As the city’s second-largest employer (The University of Kansas is the largest), Lawrence Public Schools employ 1,823 staff. This includes 1,057 licensed and certified teachers, 712 educational support staff and 54 school and district administrators. More than 80 percent of our staff live in Lawrence.

How do you and the schools make a positive impact on the Lawrence community?
Public education is a great equalizer. An educated citizenry forms the basis for our democratic society. While people may not think of their local schools as drivers of economic development, one of the most important factors in determining the attractiveness of any community is the educational opportunities it affords its residents.

One obvious example of making a positive impact in the community is the district’s development of the Lawrence College and Career Center in partnership with Peaslee Tech. This new campus will offer career and technical education and training for high school students and adults, promoting an educated and skilled workforce and filling an identified need in our community.

What do you see as your personal responsibility and the school’s responsibility to the community?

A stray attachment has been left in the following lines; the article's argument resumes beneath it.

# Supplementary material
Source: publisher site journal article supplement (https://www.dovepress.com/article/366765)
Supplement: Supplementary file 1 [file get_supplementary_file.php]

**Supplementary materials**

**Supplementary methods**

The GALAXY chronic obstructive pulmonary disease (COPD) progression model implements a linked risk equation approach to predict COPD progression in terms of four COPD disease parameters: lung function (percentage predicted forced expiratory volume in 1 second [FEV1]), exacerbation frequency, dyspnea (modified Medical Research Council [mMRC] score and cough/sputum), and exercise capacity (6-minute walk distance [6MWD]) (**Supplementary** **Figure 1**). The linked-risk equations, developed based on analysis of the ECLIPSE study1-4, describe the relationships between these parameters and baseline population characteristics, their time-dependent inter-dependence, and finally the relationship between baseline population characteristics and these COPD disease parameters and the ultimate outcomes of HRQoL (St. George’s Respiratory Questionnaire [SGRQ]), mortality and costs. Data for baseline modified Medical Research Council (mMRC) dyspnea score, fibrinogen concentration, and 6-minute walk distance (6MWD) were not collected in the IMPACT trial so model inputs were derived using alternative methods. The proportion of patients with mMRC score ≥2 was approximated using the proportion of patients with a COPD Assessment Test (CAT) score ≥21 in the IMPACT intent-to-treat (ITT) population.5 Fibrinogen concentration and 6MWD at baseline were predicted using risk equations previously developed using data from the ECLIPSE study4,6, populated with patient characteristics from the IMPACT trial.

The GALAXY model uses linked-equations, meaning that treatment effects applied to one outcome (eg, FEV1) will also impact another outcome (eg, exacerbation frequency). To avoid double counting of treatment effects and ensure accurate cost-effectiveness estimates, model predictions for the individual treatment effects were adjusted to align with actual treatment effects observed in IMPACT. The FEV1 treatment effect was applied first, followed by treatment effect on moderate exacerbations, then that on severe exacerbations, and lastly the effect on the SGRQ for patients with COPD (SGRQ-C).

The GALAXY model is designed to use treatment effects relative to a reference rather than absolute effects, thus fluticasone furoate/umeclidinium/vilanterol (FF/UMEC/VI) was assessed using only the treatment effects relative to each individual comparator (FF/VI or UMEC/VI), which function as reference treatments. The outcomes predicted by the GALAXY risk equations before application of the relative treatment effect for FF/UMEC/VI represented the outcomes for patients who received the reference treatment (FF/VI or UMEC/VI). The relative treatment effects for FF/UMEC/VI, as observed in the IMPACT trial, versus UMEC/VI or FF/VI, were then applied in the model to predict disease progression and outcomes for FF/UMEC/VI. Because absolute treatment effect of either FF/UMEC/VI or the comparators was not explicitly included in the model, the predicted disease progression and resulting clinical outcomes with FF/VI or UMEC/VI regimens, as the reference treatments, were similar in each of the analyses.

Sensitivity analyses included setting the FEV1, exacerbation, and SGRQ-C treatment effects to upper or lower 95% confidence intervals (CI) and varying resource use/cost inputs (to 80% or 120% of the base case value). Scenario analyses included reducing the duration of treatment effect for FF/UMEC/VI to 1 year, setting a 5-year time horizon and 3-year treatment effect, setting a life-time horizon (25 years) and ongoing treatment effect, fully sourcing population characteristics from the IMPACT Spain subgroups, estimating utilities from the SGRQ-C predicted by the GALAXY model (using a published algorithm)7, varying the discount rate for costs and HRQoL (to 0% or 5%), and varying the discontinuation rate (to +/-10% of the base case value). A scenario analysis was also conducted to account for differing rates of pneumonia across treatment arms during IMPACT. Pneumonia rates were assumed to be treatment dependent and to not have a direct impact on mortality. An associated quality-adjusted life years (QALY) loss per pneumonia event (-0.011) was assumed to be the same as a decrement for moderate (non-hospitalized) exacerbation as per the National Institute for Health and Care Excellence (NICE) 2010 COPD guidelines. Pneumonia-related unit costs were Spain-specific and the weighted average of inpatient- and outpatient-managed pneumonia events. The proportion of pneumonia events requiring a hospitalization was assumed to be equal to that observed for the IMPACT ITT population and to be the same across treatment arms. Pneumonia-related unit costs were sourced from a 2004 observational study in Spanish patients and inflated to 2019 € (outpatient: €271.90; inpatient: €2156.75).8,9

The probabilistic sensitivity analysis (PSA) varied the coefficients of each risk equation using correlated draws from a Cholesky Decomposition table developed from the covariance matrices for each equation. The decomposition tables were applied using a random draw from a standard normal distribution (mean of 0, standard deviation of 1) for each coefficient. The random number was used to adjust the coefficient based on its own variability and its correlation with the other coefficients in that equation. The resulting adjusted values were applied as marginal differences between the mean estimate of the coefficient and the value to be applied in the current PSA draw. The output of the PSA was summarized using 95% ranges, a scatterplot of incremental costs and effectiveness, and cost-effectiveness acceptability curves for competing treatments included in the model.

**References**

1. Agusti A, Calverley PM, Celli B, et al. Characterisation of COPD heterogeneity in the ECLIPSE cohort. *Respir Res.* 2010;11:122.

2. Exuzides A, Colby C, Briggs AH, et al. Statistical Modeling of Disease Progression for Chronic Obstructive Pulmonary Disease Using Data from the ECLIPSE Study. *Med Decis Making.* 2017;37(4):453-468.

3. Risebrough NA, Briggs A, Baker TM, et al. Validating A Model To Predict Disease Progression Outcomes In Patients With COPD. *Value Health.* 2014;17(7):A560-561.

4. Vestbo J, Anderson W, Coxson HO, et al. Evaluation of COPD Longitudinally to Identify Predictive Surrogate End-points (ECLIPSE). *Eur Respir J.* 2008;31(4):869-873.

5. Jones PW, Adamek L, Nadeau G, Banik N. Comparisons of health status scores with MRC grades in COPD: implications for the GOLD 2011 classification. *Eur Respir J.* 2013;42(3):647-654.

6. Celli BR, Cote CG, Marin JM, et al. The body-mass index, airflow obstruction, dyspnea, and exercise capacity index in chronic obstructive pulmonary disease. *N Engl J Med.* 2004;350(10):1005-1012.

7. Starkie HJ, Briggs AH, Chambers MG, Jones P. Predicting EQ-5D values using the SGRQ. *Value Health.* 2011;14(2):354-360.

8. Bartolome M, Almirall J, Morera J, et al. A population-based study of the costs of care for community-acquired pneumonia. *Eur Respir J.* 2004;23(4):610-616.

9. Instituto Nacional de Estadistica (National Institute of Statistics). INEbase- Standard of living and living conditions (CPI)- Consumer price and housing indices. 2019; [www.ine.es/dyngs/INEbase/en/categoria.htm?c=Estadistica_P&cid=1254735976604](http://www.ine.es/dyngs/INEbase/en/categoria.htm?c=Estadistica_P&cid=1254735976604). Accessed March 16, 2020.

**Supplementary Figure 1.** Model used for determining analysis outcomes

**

My personal responsibility is to focus and inspire educators and support staff to meet the needs of all students, to work with the school board to ensure the staff has the necessary tools and resources to do so, and to hold us accountable for student success. Through an annual goal-setting process, the board, with input from teachers, staff and administration, sets the direction of the school district. The district is responsible for the prudent use of state and local taxes to prepare students for success in college, careers and life.

Spotlight

Lawrence Public Schools USD 497

How do you manage your day-to-day stress of the district?
The most stressful issues for me are those beyond my control, such as Kansas school finance issues. I start each day believing that everyone in our organization is doing his or her best. I spend a lot of time in our schools watching, teaching and learning happen in our classrooms; this keeps everything in perspective. I try to stay in a problem solving, not a blaming, mode when difficult issues arise.

How do you reward excellent work performance? How do you manage poor performance?
A highly qualified and effective teacher is the single most important factor to a student’s success in school. The district seeks to recruit, develop and retain high quality teachers, staff and administration. District and school leaders encourage and evaluate staff.